He was so grateful for the opportunity; she was struck throughout the trip by Africans’ joy and gratitude.

“My kids complain if they can’t play with the iPad,” she said.

Overall, the experience left her feeling a sense of responsibility, not guilt. As she was leaving Vincent’s home, she wondered what God wanted her to do.

One of the best students in his class, Vincent relies on sponsorship – $100 per year – to stay in school. Without education, Ugandan children have no hope for breaking out of the cycle of poverty.

She decided education would be her focus; she would appeal to others to sponsor students.
“I can’t take on a country’s poverty,” she said. “It’s a symptom much deeper than something I can take on.”

But, she added, she can let people know about the need for education.

“I’ve always been passionate about education, good education,” she said.

While in Uganda, Loree was called upon to do various other things – counsel a 16-year-old runaway, distribute feminine care kits to teenage girls, and talk to them about abstinence and marriage.

“I talked with them about the beauty and dignity of a woman and how God designed us to carry life; ovulation is not something that needs to be stopped, but rather understood,” she added. “I also talked with them about the way men and women should treat each other, and God’s plan for sex within marriage.

“I have talked with over 1,000 American girls about this topic,” Loree observed. “It was a new experience for me to talk with girls from Uganda who are hearing the abstinence message loud and clear.”

In the case of Esther, the runaway girl, Loree was able to find out why she fled, and communicate her feelings to her parents and Sr. Salome. A struggling student, Esther was slated to be sent to teacher’s college after finishing secondary school.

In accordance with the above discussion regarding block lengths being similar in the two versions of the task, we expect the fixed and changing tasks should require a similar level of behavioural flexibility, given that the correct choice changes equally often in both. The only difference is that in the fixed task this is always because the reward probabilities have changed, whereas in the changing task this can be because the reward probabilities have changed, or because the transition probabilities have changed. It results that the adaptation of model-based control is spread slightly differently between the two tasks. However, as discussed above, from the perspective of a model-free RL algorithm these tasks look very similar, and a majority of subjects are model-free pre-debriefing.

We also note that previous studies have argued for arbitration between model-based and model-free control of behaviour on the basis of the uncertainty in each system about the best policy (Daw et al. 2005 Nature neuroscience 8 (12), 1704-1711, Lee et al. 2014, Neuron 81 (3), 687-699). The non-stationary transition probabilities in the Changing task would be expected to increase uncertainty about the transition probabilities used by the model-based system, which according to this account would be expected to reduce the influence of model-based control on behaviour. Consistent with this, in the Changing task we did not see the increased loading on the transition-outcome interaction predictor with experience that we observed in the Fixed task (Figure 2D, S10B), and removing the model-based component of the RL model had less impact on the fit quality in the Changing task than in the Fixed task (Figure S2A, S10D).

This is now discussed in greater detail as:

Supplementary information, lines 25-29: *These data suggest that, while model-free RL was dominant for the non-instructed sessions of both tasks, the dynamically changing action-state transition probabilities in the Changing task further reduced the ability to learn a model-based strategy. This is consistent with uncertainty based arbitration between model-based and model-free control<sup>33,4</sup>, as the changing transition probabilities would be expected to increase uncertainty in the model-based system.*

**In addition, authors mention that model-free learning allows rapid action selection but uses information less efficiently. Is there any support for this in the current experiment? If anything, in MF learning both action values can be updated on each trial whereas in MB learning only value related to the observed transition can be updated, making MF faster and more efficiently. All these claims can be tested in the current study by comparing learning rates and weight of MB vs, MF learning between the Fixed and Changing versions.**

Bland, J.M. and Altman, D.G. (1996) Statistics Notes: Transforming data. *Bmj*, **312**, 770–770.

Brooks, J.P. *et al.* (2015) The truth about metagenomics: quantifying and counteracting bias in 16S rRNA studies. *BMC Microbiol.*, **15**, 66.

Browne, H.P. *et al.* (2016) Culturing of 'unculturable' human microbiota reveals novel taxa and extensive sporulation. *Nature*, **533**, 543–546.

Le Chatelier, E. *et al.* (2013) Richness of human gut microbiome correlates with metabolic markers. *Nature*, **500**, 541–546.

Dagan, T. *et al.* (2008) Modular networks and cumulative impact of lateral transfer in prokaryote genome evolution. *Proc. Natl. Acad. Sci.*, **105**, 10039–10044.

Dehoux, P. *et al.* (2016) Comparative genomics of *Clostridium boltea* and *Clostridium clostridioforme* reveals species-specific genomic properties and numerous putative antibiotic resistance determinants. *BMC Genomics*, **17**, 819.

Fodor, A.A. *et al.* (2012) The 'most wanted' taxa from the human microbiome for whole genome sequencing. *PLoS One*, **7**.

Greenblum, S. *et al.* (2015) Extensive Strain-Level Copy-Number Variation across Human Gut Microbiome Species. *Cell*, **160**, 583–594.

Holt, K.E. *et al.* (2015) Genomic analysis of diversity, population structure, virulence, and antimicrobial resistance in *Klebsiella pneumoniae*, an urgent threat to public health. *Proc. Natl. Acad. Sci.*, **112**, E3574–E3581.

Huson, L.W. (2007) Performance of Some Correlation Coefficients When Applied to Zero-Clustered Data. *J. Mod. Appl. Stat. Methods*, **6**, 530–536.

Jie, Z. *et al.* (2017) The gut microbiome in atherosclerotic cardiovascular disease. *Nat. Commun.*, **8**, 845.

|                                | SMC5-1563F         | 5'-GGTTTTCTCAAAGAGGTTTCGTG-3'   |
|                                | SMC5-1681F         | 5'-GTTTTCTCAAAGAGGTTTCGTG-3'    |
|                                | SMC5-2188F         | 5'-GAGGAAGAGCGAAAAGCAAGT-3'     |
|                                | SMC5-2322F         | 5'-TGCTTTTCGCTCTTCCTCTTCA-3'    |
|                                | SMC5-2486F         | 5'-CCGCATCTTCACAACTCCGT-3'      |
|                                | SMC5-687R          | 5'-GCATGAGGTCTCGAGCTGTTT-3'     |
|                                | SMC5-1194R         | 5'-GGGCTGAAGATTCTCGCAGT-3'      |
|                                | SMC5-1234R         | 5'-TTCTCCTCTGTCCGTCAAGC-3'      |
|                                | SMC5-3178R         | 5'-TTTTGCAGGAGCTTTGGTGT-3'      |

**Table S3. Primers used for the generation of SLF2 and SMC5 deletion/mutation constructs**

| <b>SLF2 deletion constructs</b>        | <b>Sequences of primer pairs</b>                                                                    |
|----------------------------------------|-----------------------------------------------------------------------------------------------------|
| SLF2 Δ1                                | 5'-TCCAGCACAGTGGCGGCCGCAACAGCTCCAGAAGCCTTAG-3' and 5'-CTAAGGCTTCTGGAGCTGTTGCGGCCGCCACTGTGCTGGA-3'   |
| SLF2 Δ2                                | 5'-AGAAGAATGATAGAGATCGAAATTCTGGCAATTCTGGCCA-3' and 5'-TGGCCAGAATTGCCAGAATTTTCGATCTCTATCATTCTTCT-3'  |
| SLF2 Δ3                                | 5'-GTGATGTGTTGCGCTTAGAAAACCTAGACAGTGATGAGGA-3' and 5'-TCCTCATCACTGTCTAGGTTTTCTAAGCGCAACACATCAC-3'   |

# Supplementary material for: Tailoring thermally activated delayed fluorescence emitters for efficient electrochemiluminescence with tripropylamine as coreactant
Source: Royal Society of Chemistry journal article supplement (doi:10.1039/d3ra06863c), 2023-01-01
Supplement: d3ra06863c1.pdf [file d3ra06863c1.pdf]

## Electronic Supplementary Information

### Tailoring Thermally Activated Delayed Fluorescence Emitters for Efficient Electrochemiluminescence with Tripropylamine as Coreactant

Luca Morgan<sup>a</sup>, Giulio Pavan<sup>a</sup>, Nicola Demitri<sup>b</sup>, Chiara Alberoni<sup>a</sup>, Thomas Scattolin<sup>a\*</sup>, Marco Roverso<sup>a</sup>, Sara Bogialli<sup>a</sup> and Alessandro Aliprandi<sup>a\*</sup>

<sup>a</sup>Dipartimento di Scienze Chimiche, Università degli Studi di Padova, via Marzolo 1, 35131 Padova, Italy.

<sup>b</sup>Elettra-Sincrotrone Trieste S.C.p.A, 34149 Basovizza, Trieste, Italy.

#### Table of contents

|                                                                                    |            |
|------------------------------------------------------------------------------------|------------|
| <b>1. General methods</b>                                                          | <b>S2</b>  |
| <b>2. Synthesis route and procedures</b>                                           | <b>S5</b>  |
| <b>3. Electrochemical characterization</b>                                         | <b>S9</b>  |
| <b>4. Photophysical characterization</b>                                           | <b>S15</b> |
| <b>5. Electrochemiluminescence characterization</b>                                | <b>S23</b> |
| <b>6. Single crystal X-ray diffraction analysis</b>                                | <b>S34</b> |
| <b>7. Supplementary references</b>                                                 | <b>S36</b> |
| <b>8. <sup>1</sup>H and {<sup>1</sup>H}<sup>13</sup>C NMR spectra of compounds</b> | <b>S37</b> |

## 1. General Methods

After speaking with her, Loree learned Esther didn’t want to be a teacher. She wanted to be a hairdresser or a fashion designer.

Esther was promptly moved from Our Lady of Guadalupe School to St. Kizito’s, where she will be able to get help with her studies, and she was promised an opportunity to study at a fashion institute if she finished her schooling.

Loree is “not so Pollyanna-ish” that she doesn’t understand the challenges Esther will face – but at least now she has the chance to avoid a runaway’s fate.
‘Get me out of the way’

Although the missionaries did not complete the science lab, they did finish the playground. One of the sweetest moments for Loree and her family was seeing the playground dedicated to her brother, who died in the 1990s.

When she reflects on the trip, Loree is reminded of the amazing power of God.

She repeats one of her favorite prayers: “Lord, just get me out of the way.”

“When you open yourself up, you have to be willing to go wherever he sends you,” she said. “His plan is so much more exciting than our plan … let God be in control of your life, and there will be peace.”